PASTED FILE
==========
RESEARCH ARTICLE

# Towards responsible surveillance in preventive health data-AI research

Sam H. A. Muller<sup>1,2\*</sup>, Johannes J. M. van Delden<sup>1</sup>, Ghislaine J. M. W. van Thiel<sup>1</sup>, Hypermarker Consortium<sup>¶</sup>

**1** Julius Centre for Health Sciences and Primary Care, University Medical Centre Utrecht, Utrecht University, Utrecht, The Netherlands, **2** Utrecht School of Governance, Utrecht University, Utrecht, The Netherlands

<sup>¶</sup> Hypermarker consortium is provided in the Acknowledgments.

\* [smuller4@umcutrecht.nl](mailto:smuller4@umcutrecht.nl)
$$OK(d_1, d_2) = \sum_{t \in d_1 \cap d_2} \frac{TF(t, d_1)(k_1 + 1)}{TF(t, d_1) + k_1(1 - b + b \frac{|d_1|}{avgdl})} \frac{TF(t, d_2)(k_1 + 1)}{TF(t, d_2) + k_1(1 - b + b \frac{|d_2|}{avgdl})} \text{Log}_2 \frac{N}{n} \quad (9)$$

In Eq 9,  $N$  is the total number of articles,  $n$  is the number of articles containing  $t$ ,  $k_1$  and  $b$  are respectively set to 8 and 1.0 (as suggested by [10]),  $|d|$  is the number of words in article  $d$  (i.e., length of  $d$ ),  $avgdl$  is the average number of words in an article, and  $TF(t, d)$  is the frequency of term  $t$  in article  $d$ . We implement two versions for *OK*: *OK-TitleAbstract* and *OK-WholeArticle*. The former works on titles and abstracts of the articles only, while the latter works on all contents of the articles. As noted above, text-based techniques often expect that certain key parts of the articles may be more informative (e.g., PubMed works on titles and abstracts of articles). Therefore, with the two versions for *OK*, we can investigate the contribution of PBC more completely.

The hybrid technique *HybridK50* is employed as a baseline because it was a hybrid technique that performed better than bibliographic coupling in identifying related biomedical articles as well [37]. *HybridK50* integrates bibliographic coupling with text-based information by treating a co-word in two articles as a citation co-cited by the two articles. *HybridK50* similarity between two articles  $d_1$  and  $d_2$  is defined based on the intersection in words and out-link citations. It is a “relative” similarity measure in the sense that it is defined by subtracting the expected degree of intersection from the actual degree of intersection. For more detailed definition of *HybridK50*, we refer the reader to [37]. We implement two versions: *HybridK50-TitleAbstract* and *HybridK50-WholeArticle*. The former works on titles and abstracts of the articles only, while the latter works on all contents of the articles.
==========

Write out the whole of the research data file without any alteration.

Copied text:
RESEARCH ARTICLE

# Towards responsible surveillance in preventive health data-AI research

Sam H. A. Muller<sup>1,2\*</sup>, Johannes J. M. van Delden<sup>1</sup>, Ghislaine J. M. W. van Thiel<sup>1</sup>, Hypermarker Consortium<sup>¶</sup>

**1** Julius Centre for Health Sciences and Primary Care, University Medical Centre Utrecht, Utrecht University, Utrecht, The Netherlands, **2** Utrecht School of Governance, Utrecht University, Utrecht, The Netherlands

<sup>¶</sup> Hypermarker consortium is provided in the Acknowledgments.

\* [smuller4@umcutrecht.nl](mailto:smuller4@umcutrecht.nl)
$$OK(d_1, d_2) = \sum_{t \in d_1 \cap d_2} \frac{TF(t, d_1)(k_1 + 1)}{TF(t, d_1) + k_1(1 - b + b \frac{|d_1|}{avgdl})} \frac{TF(t, d_2)(k_1 + 1)}{TF(t, d_2) + k_1(1 - b + b \frac{|d_2|}{avgdl})} \text{Log}_2 \frac{N}{n} \quad (9)$$

In Eq 9,  $N$  is the total number of articles,  $n$  is the number of articles containing  $t$ ,  $k_1$  and  $b$  are respectively set to 8 and 1.0 (as suggested by [10]),  $|d|$  is the number of words in article  $d$  (i.e., length of  $d$ ),  $avgdl$  is the average number of words in an article, and  $TF(t, d)$  is the frequency of term  $t$  in article  $d$ . We implement two versions for *OK*: *OK-TitleAbstract* and *OK-WholeArticle*. The former works on titles and abstracts of the articles only, while the latter works on all contents of the articles. As noted above, text-based techniques often expect that certain key parts of the articles may be more informative (e.g., PubMed works on titles and abstracts of articles). Therefore, with the two versions for *OK*, we can investigate the contribution of PBC more completely.

The hybrid technique *HybridK50* is employed as a baseline because it was a hybrid technique that performed better than bibliographic coupling in identifying related biomedical articles as well [37]. *HybridK50* integrates bibliographic coupling with text-based information by treating a co-word in two articles as a citation co-cited by the two articles. *HybridK50* similarity between two articles  $d_1$  and  $d_2$  is defined based on the intersection in words and out-link citations. It is a “relative” similarity measure in the sense that it is defined by subtracting the expected degree of intersection from the actual degree of intersection. For more detailed definition of *HybridK50*, we refer the reader to [37]. We implement two versions: *HybridK50-TitleAbstract* and *HybridK50-WholeArticle*. The former works on titles and abstracts of the articles only, while the latter works on all contents of the articles.